the World of Women S!X TUESDAY, AUGUST 3, 1965. RECEIVES DEGREE— Mrs. Lydia McDonald, Trout Creek, who is 67 years old. received a bachelor of science degree, with honor, at Northern Michigan University, Marquette, at the summer commencement exercises. Mrs. McDonald taught her first year of school in 1917-18 during World War I. She then married Lew McDonald of Tustin. They have two sons, Donalc of Ontonagon and William of Iromvood, and three grandchildren. Mrs. McDonald started to teach again during World War II and has taught seven years al Kenton and 14 years at Trout Creek. All of Mrs. McDonald's family attended her graduation Molyneux Uses The Crinolines PARIS ( AP) — Captain Molyneux came out for crinolines in! his new collection, shown today. Hems have been up and down ,n the Paris openings, but this was the first time they were out — over stiff conical underskirts. The Molyneux silhouette was narrow-tipped. It skimmed out over the waist, to lie smooth on the gently bobbing cone underneath. Ladylike hems were about mid-knee. Not everything was crinolined in the Molyneux collection, taut the line was almost always wider at the base. Coats were narrow-shouldered pyramids, rippling wide in smooth, wools, Necklines were high and slender. Sleeves were] long and narrow, and often! cuffed. Hats were high, narrow jockey caps. Patch pockets were part of the Molyneux look, often so big that they provided silhouette in- Births terest. Crinolines notwithstanding, Lime St. Molyneux has modernized considerably since his comeback last January. His look is elegant and soignee, just right for the women who do buy couture, give or take a few pockets, perhaps, i Molyneux was the last big near Pollv _ _ .*._ _!••-,. — —. *v.— ^rn-.! —it *-"•*«* w* j Conventions Are Important To Witnesses To Jehovah's Witnesses, conventions and meetings are as much a part of daily living as eating and sleeping. Gathering together for spiritual education and fellowship with those of like faith is as important to them; as providing for the mat e r i a 1; needs of their families. Long famous for large national a n d : international conventions, Jeho-j hah's Witnesses from the Ironwood Congregation will be leav- j ing for Minneapolis soon to attend a large district convention scheduled Aug. 12-15. The home of the base ball Twins will be transformed into a huge outdoor auditorium for the seminar. According to Thomas Ryan, presiding minister, the Minneapolis convention is another facet of the worldwide ministerial trainingprogram FLINT TEACI«ER_Mr.^ . on Rintamaki. who was grad- t()Wer Bible & Tract Societ . y or seventh-day Adventist. Prayer; Ann Landers .Answers Your Problems. Dear Ann Landers: You say you arc a friend of us teenagers but you are really our STUDENTS AT WORK—Pictured are some of the members of the Practical Nurses Program which is in operation at the Divine Infant and Grand View Hospitals. At the left students Judy Janov and Rita Wroblewski, Bessemer, are shown operating the sterilizer at Grand View Hospital, and at the right, student Mrs. Rena Mead, Iromvood, is at work in the medicine room at Grand View Hospital. Mrs. Rantala, R.N., is in the background. enenry. You have hurt our image worse than anyone else I can think of. I have been reading your column for four years and I have never read one letter from a good teen-ager. You only print letters from girls who have to get married, or boys who steal cars and get into, trouble with the law. I am a 15-year-old who know even one person done the things you are I yo ur reward. You don't punch .-,_,_, --- ...... ,_ ------ ' uated from Northern Michigan University, Marquette, in June, receiving a bachelor of arts degree, with honor, will teach in a Flint high school in September. She is the former Sharon Johnson, daughter of Mr. and New York (publishers of the meeting will be held Wednesday; most widely distributed religious night at 7:30. Mrs Rnv T inhnvin m Mrs. Roy I. Johnson. 133 publications in the world, "The Watchtower" and the "Awake!" journals). w i 'Conventions like the one in ' ', Minneapolis have played an im- First Church of Christ. Sci-j elitist. A testimonial meeting! will be held Wednesday night atj 8. The reading room will be, open from 2 to 4 p.m. Church of the Nazar e n e . held portant part in the growth and, development of our organiz a - Prayer meeting wil1 be tion," said Ryan. "One of the Wednesday at 7 p.m. first ones held by Jehovah's Wit- First Baptist. Bible study and nesses in 1893 in Chicago was prayer meeting will be held at Getting a plastic i attended by 360 persons. Through ( 7:30 Wednesday night and the Polly's Pointers name to show on the official! snower curtain shining a n d the years, assembly attendance l choir will rehearse at 8:30. Paris program. Ovasfea. Mr. and Mrs. Gary OvaskH, 357 E. Houk St.. a son, today at Grand View Hospital. Cole. Mr. and Mrs. Willi a m Cole, Brooklyn, N. Y., a son, Aug. 2. Mrs. Cole is the former Gayle Provencher, daughter of Mr. and Ms. Prank Provencher, 1102 Douglas Blvd. Captains Webber Conduct Services Captains Lloyd and Edn a Webber of Shelbyville, I n d . , conducted the evening service at the Ironwood Salvation Army Citadel Sunday night. C a p t . Webber is a former Ironwood resident and -while vacationi ng here he and Mrs. Webber visited with his uncles. Samuel and Alfred Andrews, North Mansfield Street In Shelbyville, Capt. Webber is pastor of the Salvation Army Corps, and his parents are Mr. and Mrs. Thomas Webber, who have resided in Muskegon for many years. Mrs. Thomas Webber is the former Edith Andrews. Club Activities The Knights of Kaleva will meet Wednesday night at 7:30 at he Kaleva Hall. There will be degree work and all memb e r s hould attend. The members of Indianh e a d Chapter. Sweet Adelines, Inc., will meet tonight at 6 at the Sport Bowl and will go from here to the Pine Lake cottage f Delores Vaara's parents, Mr. and Mrs Hjalmer Mattson, for picnic Qualifying rounds will be played by Women's Golf League nembers at the Gogebic Country Club Wednesday. A dinner ll also be served Wednesday. "Mf, worry?" Hail blithe spirit Dan-ell Petrusha, 1-year-old son of Mr. and Mrs. George Petrusha Jr. of Ironwood. PHOTO. OF COURSE, BY BABY'S FAVORITE PHOTOG .. KEN AHO AT KENNY'S STUDIO 137 E. Aurora Phon« 932-362 Where Every Wednesday Is Special for Mom and Baby __ o _ i wrinkle-free has long been a te- j continued to grow until, in 1958,; Bethanv covenant. Bible studious housecleaning chore for; more than 250,000 people from , dy win b ' e held Wednesday night line. This spring I bought an i 123 lands attended the interna-' at 7 . 30 with EdW j n Dahlin in inexpensive jar of cold cream tional assembly at Yankee Sta-t cnarge at the dime store and appl led, dium and the Polo Grounds in j this with a soft cloth. It rubbed i New York City. Many local i Antiques Show at r agle River 2 Days The fifth annual Eagle River Antiques Show will be held at ,he E. W. Kracht Auditorium at Eagle P.iver High School Wednesday. Aug. 4, from 10 a.m. to 9 p.m., and Thursday, Aug. 5, from 10 a.m. to 6 p.m. Exhibitors are all members of the Northern Wisconsin Antique Dealers Association. They are: Antiquity House, DeWitt's Antique?, Collectors Cor n e r , Lil Carrot Antiques, all of Green Bay: House of Antiques, Eagle River; Lois Bungerer Antiques, Ephriam; Treasurer Chest, Land Assembly of God. Prayer serv- away the soap and water marks, Witnesses attended that conven- far easier than anything I had! tion," said Ryan. ice will be held at 7:30 Wednesday night. used and left a soft pliable new Another famous assembly held st. Paul Lutheran. The Mary looking finish to the heavy plas-i in 1963, entitled "Everlast i n gj circle will meet Thursday at tic curtain. Helped too.—MRS. R. H.S. my hands,; Good News" Assembly of Jeho- 1 ' vah's Witnesses, was atten d e d j 2 p.m. in the church parlors with Mrs. Mary Juutilai n e n, Dear Polly When spray paint- j by more than 580,000 per s o n s! Mrs. Tauno Jacobson, Mrs ing a flower pot, can or jar, stick an old broomstick in the ground, put the can on it upside from 161 lands. An important feature of that assembly was a jet tour by 583 persons of 24 down and spray away. Leave it) assembly cities located literally there to dry.—B. S. K. Dear Polly—My suggestion is for busy homemakers who have children all ages and a refrigerator door that is opened and it around the world. •d <r "Our conventions are not religious revivals or crusades," said Ryan, when asked about the closed several time's an h o u r j purpose of the convention. He when the children are home said, "The primary purpose of from school and always looking any assembly or meeting of for snacks. I clip a piece of pa- ! Jehovah's Witnesses is to bet- per to the inside of the refriger- or Country Store, St. Germain; Coach House Antiques. Three Lakes and Lauretta's Antiques, Tomahawk. Sponsors of the show are the Eagle River Women's Club and the Eagle River Rotary Club, assisted by the Rotary Anns. Porch Lunch Nice to serve when "the girls" come to visit. Shrimp salad with potato sticks cucumber bread and butter sandwiches, cookies, plain grape rickey. PLAIN GRAPE RICKEY 1 can (6 ounces) frozen sweetened grape juice concentrate 1 can (6 ounces) frozen orange juice concentrate 3 cups cold water 1 lime Turn the grape juice and orange juice concentrates into a large pitcher or other container that holds 1% to 2 quarts. Add the water, stir to melt the concentrates. Wash the lime; cut in half; squeeze out juice and add along with the lime shells; mix well. Chill and serve icy- cold. Makes a little over I'/a quarts. ter fulfill our ministerial responsibility of proclaiming 'this good news of the kingdom'." Tauno Jacobson, Mrs. Hjalmer Pesola, Mrs. Sylvia Jacobs o n and Mrs. Mary Olson as hostesses. St. Luke's Lutheran. A pre- meeting of the Vacation Bible School teachers will be held Wednesday night at 7:30. Anniversary visitations will continue through Saturday. Holy Trinity Catholic. The Altar Society will meet Wednesday at 7:30 p.m. in the church hall with the members of St. Michael's Circle serving lunch. convention this year will be a public lecture entitled "World Government on the Shoulder of the Prince of Peace." This will be delivered by "Nathan H. Knorr, president of the Watchtower Bible & Track Society of New York. Knorr will be arriv- • ing in Minneapolis after a Eur- ator door and write on it what I °P ean convention tour, and the is in the refrigerator to eat. At, delegates are looking forward to Highlight of the Minneapo 1 i si St. John's Lutheran, North a glance one can tell without i receiving information cocerni n g shifting everything around. If a| tneir "brothers" across the sea. MILK is the "dreamy" summertime teenage drink They just add a-touch of flavoring to e cool glass of milk for real refreshment that has all the body building nutrients they need. "Quality Controlled from Dairy Farm to You* Brookvale's Grade "A" Milk AT YOUR DOOR - AT YOUR STORE Brookvale Dairy A Quality Line of Pasteurized Products A4O 1 /LAA Pleasin 9 Our Customer's Taste 7l>4" I VVV for Good Milk for Over 46 Years child drinks the last of the! milk or eats the last piece of fruit, he crosses that item off the list so others know there is no more. Also when time comes for me to prepare a meal or even a pickup lunch, I can look at this paper and decide in a minute what I can prepare with the least effort. This saves time, food that sometimes might be otherwise neglected and even a few pennies on the electric bill as the refrigerator is not kept open so long at a time. My mother sends me the Pointers which she cuts from our home town paper and I find them most useful In our everyday living.— EVELYN Girls—I think this Pointer would be even better if the list was attached to the OUTSIDE j of the refrigerator door. Our thanks to Evelyn's mother for sharing the column.—POLLY Dear Polly—I am 13 years old. I help my mother with housework and I am always Interested in learning new Pointers. Usually one of my jobs is to wax the floors. Before I use a cloth to wax a floor I soak it in cold water and wring it out well. I have noticed that the damp cloth does not absorb the wax and I can save a good deal of wax that would otherwise be wasted as it soaked into the cloth.—L.C. Girls—Doesn't it do your hearts good to read such a letter from a teen-ager? One of our future homemakers and doubtless a good one, too. Years ago I learned from an expert that a damp sponge mop was better for waxing the kitchen floor (with liquid wax; than a dry one. I have done this for a long, long time and know how good it is.—POLLY Arvo O. Saari Saari will be social hour Wednesd a y doesn't who hi r always yakking about in your crummy column. You ewe it to all teen-agers to turn over a new leaf and start to print letters from us good kids. This can be your first - ONE OF MILLIONS Dear One: A columnist named Mike Royko who writes for the Chicago Daily News received a letter similar to yours. Here is what Mike said in his reply: "Dear Good Teen-ager: I am sick ol you. You are getting to be a pain in the neck. 1 "I can't remember the last time a Good Teen-ager came up to me and shook my hand and said, 'Gee, Good Adult, thanki for not, being a Bad Adult.' "You say nobody understands you and point out how valiantly you have resisted being a robber, a sniffer of glue, a dropout, and a menace to society. Besides, you dfei't hit your teacher, and you work after school and are a joy to y o u r parents "I do not go around ta k 1 n g pep pills or shooting people either My reward is that I don't get thrown in jail. That Is also y()ur teacner anc j punch CHARM Here's a IN HALF graceful SIZES — frock for Sandra And L. /. Pann Wed Marriage vows were solemnized at an evening candlelight service by. the Rev. Leonard Johnson for Miss Sandra Laine and Lawrence J. Pann at t h e Community Bible Church, Eagle River, Wis., Saturday, July 24. Miss Laine is the daughter o f Mrs. Pearl Laine, Wakefield, and was escorted and given in marriage by W. D. Blaisd e 11. Mr. Pann is the son of Mr. and Mrs. Jules H. Pann, Bessemer. The birde's street length ivory gown of peau de twille was fashioned with a fitted bodice, bateau neckline bordered b y rhinestones to form a V at the waistline in back. A tailored bow fashioned Empire lines in back, She wore a lace prayer coverette and carried a white Bible with yellow roses and streamers. Her maid of honor, Miss Lilly Mae Smith, was attired in a blue silk dress with the Empire accent in front. The bridegroom was attended by Jerry Brassard.' A reception was held at the Frontier Inn, Sayner, Wis., following the ceremony with Mr. and Mrs. William Froelich Jr. as host and hostess. The couple will reside in Milwaukee at 826 North 14th St. Ironwood. Mrs. and Mrs Reino hostesses for the following services night. Trout Creek — Assembly of God. Prayer meeting and Bible day night at 7:30. Salvation Army. The midweek meeting will be held Wednesday night at 7. Ontonagon—Baptist. Pray e r meeting and Bible study will be held Wednesday night at 7. Ontonagon—Assembly of God. i Bible study and prayer service will be held at 7:45 p.m. Wednesday. dress-up wear, and a special design for the woman who wears a half-size. Sleeves have a soft shaped air. No. 8101 with PATT-O-RAMA is in sizes 12>/ 2 , 14V a , 16>. 2 , ISVa, 20>/2. 22'a, 241-j. 26Vi>. Bust 33 to 47. Size 14'/ 2 , 35 bust, 5 3 ,s yards of 35-in. To order, send 50c In coins to: Sue Burnett, Ironwood Daily Globe, 407 S. Wacker Drive Chicago, 111. 60607 For ist-class mailing add lOc for each pattern. Print name, address with zip code, style No. and size. Send 50c today for the Fall and Winter '65 edition of our pattern magazine Basic Fashion. G. Tiziani Returns From European Trip Miss Geraldine M. Tiziani, daughter o f Mr. and Mrs. Gildo A. Tiziani, Bonnie Locat ion, has returned from a four and a half month tour of Euro p e. While there she visited France, Luxembourg, Germany, A u s - tria, Switzerland and Italy. Some of the highlights of her trip include Easter Sunday Mass in St. Peter's Square in Rome; a two and a half hour tour into East Berlin v i a "Checkpoint Charlies;" skiing on the Zugspitze, Germany's highest peak, and two weeks visiting relatives in the Apennine Mountains in Italy. Miss Tiziani, a 1965 graduate of Northern Michigan University, Marquette, is attending a post-summer school session at Northern and will be teachi n g llth grade English at East High School, Green Bay, Wis., in September. The Mature Parent you in the first place. My point is that there's a big gap be tween suppressing hostil i t y (which is bad like all suppres sions)—and condoning a phsyica attack on you by the child. Or perhaps we should say, unnec essary suppressions are bad be cause some suppression is al ways necessary. What I object to is the either- or proposition: either you let the child attack you— or you suppress his hosltalitl e s. That is an alternative I will not accept. I think the child should be encouraged to express them when he feels them—but to express them, if at all possible, in terms that will sooner or later lead to an understanding and hence to a remedy of the situation. On the other hand if you just say to him "Tell me when you're angry"—and don't do anything about it, it means that your request for enlightenment is just an empty gesture and nothing is more devastating to children than when parents make empty gestures. And don't think I make these stories up. I've known parents who said: "Tell mommy it you're angry, tell mommy." and then the children tell and tell and tell and nothing ever happens. Thafs worse than suppression for him because it's teasing him. If you really wan the child to tell you, you have to do something about his infor mation. Or at least try to. And since you're human, whei your child hit you, it hurts, 1 not your body, then your feel ings. But if you're hurt, you'r in a poor position to help hin find out why he hit you. And i he can beat you up, then you ar a poor protector as a child needs to feel his parents can protect him even more than he needs to discharge his aggressions. my boss: So you get an education and I get to keep my job. You don't hot rod your car and neither do I. We both may liv« longer and that is a pretty nlct reward, itn't it? You work after school. I work after work. We both get money which is always handy to have around. And don't forget that for many years I havt been contributing part of m y money to building those schools that you are so generously not dropping out of. "Your reward for staying 1 n school is an education which will help you hold down a better job, or be a doctor or a lawyer. Education can help you live a fuller life and be a Good Adult. So stop writing and asking for praise for doing what you ar* supposed to do. That's what you're here for. Yours Truly," Mike Royko Chicago Daily News * * * Dear Ann Landers: I have a Tiend who is an absolute genius when it comes to mooch 1 n g small amounts. Whenever we get on a bus she says, "Put in my fare, Minnie I haven't got change. I'll get it next time." When we have coffee breaks Note To Editors: During Mu riel Lawrence's vacation, her column will carry excerpts from "Dialogues with Mothers," a book of unusual interest for parents. The author, Bruno Bettel- helm, is professor of psychology and psychiatry at the University of Chicago, and principal of the university's orthogenic school for emotionally disturbed children. togethei she sticks me at least twice a week. Yesterday she asked me to pick up her watch at the jewelers. She suffers from hay fever and was feeling lousy. She didn't mention that I'd have xi pay $2.50 to get the watch out. I don't want to b e petty, but I can't afford these small nicks. Help! Help — MINNIE THE MOOCHED ON Dear Min: What's the matter? No vocal chords? Skilled moochers must be dealt with in a skillful manner. Don't let her outfumble you. Develop an impediment in your reach. When you have coffee together don't be bashful about saying, "It's your turn. I got it yesterday." When she asks you t o pick up items which have been repaired, you should assume they must be balled out. Tell her, ' Sorry, I can't afford i t. Things are tough all over." * A * Ann Landers will be glad t o help you with your problems. Send them to her in care of this newspaper enclosing a stamped self-addressed envelope. Copyright, 196S. Field Enterprise*. Int. Personal Items Mr. and Mrs. Wayne Karpinen and daughter, Cynthia, Stat- cn Island, N. Y., have arrived to spend a week with his brother and sister in law, Mr. and Mrs Onnie Karpinen, North Lake ftoad. Share your favorite homemaking ideas . . . send them to Polly in care of Ironwood Daily Globe. You'll receive a dollar if Polly uses your idea in Polly's Pointers. When you are stuffing cabbage leaves, you may want to soak the leaves in very hot water to wilt them and make them manageable. By BRUNO BETTELHEIM Mother: What do you do when the child hits the parents? Dr. B.: I'm against it. I'm against children hitting their parents because I'm against hitting. I'm not against it because it's not nice or because I'm such a pacifist. I don't think it's a crime to slap a child or to spank him. I just think that it's a relatively ineffective way to solve a problem. I think that there are more effective ways, that's all. But I know that doesn't satisfy you. Mother: Well, if they hit you, what do you say about it? Dr. B.: Then you grab his hand and hold him off firmly. You say, "I won't let you do that. I'm bigger than you are and I won't let you do it." And then you try to find out why he hit Place oven racks in the correct position before you turn on the oven! Modern Portroit Studio Ironwood "Studio jl Prize Winning Portraiture" I <&3ToV Phone 932-3800 Shift barbecue conversation away from stagnant neighbor- nood gossip. Plan now for BACK TO SCHOOL Wow 'era on and off campus with chic, short hair ityles from Mayme's. Make regular appointments a habit! M AYME'S HI-STYLE SALON Across from Bennett Floor* Dial 932-1601 For a perfect tribute of beauty and reverence Thoughtfully, we attend to every detail, making sure that each funeral service Is conducted in such a way that it will be a worthy tribute to the memory of the departed, with beauty and dignity. Y Y Y 217 S. Mansfield IRONWOOD Y Y Y Y Y Y Y Y Y Y Y Y T Y Y Y presents the vivid beauty ofvelour 9.00 To the special, buttery richness of all cot^n velpur, add artful turtleneck styling and a lavish choice of color. Pure luxury!.' • MATCHING V-NECK STYLE . . . 9.00 Phone 932.3320 Shop in Cool Comfortl AIR-CONDITIONED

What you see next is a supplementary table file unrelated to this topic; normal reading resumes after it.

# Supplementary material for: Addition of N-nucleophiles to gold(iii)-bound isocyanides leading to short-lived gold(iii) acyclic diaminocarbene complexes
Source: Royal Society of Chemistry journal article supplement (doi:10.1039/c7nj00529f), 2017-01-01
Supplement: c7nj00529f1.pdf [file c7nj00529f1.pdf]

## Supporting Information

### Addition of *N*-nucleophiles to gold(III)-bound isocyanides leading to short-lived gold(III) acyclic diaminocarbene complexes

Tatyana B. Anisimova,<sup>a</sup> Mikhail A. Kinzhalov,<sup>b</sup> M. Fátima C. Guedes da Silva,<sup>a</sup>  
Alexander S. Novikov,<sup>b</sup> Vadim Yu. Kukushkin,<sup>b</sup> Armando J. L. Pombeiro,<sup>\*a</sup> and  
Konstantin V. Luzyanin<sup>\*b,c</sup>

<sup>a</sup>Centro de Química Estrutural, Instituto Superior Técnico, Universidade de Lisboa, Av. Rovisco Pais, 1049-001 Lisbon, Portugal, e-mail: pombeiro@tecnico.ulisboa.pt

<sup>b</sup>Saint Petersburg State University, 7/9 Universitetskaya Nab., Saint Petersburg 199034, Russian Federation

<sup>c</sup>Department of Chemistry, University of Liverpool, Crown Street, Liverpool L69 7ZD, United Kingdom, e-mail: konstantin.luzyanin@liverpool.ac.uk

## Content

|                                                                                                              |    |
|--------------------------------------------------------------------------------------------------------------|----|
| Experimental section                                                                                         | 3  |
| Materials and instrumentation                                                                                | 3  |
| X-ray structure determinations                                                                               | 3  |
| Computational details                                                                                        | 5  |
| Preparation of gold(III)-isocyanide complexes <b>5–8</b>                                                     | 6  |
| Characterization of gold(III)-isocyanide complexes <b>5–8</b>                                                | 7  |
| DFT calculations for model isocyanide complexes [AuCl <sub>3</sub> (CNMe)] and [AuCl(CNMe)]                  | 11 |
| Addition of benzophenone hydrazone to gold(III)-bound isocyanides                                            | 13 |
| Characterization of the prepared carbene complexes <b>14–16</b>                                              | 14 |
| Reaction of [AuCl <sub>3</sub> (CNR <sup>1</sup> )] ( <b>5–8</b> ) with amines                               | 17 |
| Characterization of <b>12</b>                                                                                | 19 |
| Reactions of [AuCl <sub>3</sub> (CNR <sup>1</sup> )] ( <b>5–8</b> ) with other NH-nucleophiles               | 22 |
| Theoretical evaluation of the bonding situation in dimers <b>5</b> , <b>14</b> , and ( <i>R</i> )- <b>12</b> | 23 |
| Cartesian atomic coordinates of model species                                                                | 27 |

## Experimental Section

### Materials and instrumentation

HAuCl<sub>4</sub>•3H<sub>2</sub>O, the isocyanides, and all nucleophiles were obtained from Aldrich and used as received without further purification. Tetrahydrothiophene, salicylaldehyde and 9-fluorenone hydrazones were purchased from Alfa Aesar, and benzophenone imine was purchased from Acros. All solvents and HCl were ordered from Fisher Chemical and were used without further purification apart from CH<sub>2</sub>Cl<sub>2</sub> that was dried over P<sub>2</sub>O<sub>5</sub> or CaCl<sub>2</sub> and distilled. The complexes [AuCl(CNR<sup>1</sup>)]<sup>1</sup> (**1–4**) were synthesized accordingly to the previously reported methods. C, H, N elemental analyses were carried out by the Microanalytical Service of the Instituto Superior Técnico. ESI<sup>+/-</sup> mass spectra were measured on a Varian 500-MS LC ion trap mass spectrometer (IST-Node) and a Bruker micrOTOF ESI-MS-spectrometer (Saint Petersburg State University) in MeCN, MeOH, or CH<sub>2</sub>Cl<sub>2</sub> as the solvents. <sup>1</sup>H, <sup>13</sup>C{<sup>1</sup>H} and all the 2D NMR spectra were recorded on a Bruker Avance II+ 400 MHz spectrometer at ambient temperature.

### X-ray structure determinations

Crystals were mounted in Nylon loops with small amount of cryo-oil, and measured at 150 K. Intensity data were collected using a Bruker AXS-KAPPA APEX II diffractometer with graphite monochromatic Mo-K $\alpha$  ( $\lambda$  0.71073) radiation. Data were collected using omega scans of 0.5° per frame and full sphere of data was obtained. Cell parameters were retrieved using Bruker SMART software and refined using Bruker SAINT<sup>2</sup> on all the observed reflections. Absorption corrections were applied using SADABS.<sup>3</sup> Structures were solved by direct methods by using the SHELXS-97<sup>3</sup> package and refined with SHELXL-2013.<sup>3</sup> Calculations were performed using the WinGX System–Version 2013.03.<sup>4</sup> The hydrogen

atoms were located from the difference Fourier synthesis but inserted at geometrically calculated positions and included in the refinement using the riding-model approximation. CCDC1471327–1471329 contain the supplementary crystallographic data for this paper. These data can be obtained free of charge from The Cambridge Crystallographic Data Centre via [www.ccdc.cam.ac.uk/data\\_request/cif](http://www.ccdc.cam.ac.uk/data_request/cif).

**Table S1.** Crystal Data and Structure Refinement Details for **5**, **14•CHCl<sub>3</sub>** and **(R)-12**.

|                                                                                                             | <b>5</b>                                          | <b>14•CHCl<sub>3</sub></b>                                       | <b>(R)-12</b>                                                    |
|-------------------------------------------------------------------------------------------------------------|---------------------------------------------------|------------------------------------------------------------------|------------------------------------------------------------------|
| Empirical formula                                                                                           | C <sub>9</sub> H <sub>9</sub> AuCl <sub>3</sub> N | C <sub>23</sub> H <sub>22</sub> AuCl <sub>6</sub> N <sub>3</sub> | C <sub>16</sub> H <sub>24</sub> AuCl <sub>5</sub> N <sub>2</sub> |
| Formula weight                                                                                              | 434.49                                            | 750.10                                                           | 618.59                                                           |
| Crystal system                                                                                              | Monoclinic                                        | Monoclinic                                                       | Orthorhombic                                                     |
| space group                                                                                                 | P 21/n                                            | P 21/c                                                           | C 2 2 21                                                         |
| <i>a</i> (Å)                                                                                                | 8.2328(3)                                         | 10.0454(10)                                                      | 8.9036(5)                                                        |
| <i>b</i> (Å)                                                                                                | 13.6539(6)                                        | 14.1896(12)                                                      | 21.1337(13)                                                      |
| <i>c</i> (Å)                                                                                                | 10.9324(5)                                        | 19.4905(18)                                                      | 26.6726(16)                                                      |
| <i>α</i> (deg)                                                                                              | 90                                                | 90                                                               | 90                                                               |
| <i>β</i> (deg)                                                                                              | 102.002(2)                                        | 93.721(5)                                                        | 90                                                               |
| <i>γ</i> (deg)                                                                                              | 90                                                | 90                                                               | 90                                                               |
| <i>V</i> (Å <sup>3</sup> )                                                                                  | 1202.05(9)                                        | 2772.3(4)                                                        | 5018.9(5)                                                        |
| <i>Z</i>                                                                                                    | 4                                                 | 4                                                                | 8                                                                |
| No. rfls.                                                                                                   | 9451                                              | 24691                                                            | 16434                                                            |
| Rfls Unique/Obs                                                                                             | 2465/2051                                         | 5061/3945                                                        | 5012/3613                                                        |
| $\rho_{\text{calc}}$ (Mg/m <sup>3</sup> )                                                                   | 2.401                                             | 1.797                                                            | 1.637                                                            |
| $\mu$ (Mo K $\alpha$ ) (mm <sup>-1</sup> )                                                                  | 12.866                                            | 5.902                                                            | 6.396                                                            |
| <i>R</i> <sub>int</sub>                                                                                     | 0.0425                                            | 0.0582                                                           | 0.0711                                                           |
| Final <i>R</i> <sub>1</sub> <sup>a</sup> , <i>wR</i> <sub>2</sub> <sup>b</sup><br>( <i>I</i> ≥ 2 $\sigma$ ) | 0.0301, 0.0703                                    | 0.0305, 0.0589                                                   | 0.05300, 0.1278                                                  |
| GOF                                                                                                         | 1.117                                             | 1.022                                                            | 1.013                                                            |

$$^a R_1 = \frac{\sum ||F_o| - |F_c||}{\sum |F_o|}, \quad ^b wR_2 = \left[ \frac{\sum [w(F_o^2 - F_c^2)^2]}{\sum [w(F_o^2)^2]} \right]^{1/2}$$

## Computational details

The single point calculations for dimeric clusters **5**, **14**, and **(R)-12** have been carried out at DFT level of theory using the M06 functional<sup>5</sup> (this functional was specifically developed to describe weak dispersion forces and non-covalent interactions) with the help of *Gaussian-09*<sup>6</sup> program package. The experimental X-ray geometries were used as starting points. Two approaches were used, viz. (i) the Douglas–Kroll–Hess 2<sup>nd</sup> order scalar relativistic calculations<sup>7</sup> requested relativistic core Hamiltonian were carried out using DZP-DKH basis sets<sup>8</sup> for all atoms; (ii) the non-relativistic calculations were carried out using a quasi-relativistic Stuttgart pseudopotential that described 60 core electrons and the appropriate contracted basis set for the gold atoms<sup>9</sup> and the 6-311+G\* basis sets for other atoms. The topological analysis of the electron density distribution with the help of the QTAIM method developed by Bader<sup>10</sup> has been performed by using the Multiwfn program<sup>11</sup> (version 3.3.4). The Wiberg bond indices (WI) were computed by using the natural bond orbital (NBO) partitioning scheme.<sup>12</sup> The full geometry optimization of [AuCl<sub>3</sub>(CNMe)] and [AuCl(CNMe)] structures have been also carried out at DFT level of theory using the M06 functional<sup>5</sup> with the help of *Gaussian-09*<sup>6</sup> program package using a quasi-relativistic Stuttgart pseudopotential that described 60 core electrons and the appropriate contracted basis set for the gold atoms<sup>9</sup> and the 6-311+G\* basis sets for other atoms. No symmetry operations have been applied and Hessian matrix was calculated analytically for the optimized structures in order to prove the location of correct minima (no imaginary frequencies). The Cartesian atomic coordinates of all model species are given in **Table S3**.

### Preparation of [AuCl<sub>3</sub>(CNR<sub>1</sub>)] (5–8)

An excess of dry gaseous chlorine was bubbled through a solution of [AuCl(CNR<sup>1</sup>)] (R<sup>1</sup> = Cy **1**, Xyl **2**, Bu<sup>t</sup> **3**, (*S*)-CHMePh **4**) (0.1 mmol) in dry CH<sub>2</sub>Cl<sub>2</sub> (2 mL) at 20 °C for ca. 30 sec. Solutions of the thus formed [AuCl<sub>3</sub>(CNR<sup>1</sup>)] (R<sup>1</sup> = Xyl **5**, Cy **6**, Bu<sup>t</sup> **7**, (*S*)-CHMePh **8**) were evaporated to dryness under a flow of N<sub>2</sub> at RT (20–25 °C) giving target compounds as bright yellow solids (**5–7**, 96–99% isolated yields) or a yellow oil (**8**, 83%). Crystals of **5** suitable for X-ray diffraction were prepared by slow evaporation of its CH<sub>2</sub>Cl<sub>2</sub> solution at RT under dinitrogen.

What members have found on this page

Get access to

  • The largest online newspaper archive
  • 11,100+ newspapers from the 1700s–2000s
  • Millions of additional pages added every month

Try it free